Although the shift in roster ethnicity was nowhere near as extreme as Chivas USA, there is evidence presented below that Houston also sacrificed performance for its preferences in roster ethnicity. A similar marketing approach to Houston's was taken early on by FC Dallas (4) who became the first professional sports team in the city to "create a separate marketing department devoted exclusively to Hispanics" (Parker, 1999) and the Chicago Fire who signed aging Mexican National team player Cuauhtemoc Blanco, partly to woo Mexican soccer fans to the stadium (Rivera, 2017). Thus, the data set covering this time period spans the continuum of ethnic preferences. The variation in roster ethnicity displayed in Figure 2 from Houston and Chivas USA alone covers almost the entire range for the league, which is useful for identifying the effect of discrimination.
The remainder of this paper is organized as follows. The next section discusses the unique aspects of the labor market in MLS that must be considered. The data is then described and summary statistics are placed within the context of the time period. The market model tests for discrimination are then presented followed by the results. Finally, a brief discussion is offered.
The MLS Labor Market
The organization of MLS is unique among soccer leagues around the world. Rather than each team operating as a separate business similar to other leagues, all teams in MLS are owned by the league, which is often referred to as a "single-entity." Those commonly referred to as team owners are, in reality, investor-operators. That is, they are each shareholders of the league and are given exclusive rights to operate and reap financial benefits from a particular team. (5) Although coaches and scouts hired by investor-operators identify and pursue players for hire, player contracts are held by the league, which is also involved in the negotiations. One of the main reasons for this structure is to prevent teams from independently engaging in bidding wars over players, something that is largely believed to have contributed to the demise of the league's predecessor, the North American Soccer League (Francis and Zheng, 2010).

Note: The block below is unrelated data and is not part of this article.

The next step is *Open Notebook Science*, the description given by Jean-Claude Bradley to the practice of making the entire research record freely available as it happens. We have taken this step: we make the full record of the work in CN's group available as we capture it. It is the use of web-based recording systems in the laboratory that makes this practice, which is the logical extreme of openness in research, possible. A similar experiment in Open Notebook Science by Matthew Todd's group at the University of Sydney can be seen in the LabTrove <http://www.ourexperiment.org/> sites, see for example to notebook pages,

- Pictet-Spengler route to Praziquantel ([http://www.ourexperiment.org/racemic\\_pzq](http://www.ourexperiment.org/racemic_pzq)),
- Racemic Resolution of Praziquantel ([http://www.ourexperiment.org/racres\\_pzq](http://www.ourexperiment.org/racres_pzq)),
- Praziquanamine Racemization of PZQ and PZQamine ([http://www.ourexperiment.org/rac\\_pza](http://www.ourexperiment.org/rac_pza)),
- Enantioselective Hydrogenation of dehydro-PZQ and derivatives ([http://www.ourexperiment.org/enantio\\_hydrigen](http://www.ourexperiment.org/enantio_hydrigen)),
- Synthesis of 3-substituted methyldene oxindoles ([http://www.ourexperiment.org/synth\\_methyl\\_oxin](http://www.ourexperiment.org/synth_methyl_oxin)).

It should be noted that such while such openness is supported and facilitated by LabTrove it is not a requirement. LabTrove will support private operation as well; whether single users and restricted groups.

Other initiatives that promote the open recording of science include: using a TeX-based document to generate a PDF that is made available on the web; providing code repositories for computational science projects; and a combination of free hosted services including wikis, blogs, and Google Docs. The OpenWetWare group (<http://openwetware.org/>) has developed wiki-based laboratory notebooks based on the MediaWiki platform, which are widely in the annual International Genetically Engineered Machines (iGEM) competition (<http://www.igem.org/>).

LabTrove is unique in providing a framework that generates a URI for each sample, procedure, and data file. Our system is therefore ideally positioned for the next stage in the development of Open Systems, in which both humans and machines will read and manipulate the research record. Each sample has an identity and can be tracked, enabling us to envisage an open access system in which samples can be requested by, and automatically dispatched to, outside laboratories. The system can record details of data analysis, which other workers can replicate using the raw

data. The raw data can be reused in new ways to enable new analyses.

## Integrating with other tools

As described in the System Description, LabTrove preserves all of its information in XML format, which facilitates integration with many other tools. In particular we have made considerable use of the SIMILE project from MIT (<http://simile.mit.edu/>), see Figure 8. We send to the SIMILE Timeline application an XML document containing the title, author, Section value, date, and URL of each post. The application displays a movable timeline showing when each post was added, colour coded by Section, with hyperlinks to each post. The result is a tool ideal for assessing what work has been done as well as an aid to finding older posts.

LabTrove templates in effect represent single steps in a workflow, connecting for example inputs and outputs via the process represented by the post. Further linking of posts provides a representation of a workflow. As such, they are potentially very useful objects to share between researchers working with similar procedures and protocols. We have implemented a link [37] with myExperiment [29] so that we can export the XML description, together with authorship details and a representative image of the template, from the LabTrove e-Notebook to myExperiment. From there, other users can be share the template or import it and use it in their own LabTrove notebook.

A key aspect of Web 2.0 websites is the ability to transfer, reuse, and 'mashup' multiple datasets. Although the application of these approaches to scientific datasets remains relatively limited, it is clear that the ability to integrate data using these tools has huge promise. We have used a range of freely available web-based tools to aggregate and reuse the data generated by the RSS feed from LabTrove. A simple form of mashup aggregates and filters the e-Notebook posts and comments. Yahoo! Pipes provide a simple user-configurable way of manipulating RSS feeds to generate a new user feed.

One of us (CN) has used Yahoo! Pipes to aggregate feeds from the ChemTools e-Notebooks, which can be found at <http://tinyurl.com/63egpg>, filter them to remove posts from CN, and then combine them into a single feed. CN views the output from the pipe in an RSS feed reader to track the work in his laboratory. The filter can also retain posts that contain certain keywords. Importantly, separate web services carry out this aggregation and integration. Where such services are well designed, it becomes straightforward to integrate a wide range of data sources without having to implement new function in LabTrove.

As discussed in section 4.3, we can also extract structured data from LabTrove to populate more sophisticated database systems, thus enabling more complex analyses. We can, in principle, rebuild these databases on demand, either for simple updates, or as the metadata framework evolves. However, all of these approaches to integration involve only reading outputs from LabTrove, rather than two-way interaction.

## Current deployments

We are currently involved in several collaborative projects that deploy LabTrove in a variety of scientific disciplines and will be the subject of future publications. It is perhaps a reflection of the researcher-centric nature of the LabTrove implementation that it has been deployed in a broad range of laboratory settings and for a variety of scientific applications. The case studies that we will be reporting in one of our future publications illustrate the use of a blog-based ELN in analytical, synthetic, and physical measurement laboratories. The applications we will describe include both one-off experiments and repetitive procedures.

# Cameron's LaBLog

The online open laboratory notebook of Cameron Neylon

The single-entity structure of MLS may seem to create a problem here as the identifying assumption of the empirical model is that the amount of talent employed by each team is perfectly represented by player salaries, which are assumed to be set by an open market. However, while the league maybe successful in preventing bidding wars amongst its own teams over individual players, it has no control over the bids of teams outside of MLS, of which there are thousands who employ players of a similar skill range. Even if the league attempts to use its structure to lower player salaries, it is dwarfed in size by the sheer number of global competitors and practically has no market power to do so. So while MLS as a single-entity may have market power in the media and product markets as described in Kesenne (2015), there should be no expectation that it has power in the player market. (6)
The courts agreed with this assessment when the players sued the league claiming antitrust violations as "[i]t found that players had failed to prove...that the relevant geographic market is the United States and that the relevant product market is limited to Division I professional soccer players" (Fraser v. Major League Soccer, 2002). During the proceedings, league representatives claimed that their players had come from and transferred to 67 different leagues. Given that a typical league has around 20 teams, this conservatively puts the potential competition for MLS players at that time around 1,340 teams if we only count each country's top division. Therefore, paying anything less than the market price for talent is not sustainable as all players have a plethora of outside options. Lastly, previous literature has also used team wage bills in MLS as a measure of team productivity (Coates et al., 2016).
Similar to other North American sport leagues, MLS does control total spending on player salaries by employing a salary cap, which is usually binding for all teams. The cap is typically increased every year but has historically been relatively meager compared to the spending of top tier teams in Europe. A typical player in the English Premier League earned an annual salary on par with what an entire team in MLS would spend on its roster during the time period under study (between $1.9 and $3.9 million). Note that this does not imply that MLS was able to underpay talent, but rather that it employed less talent than the English Premier League.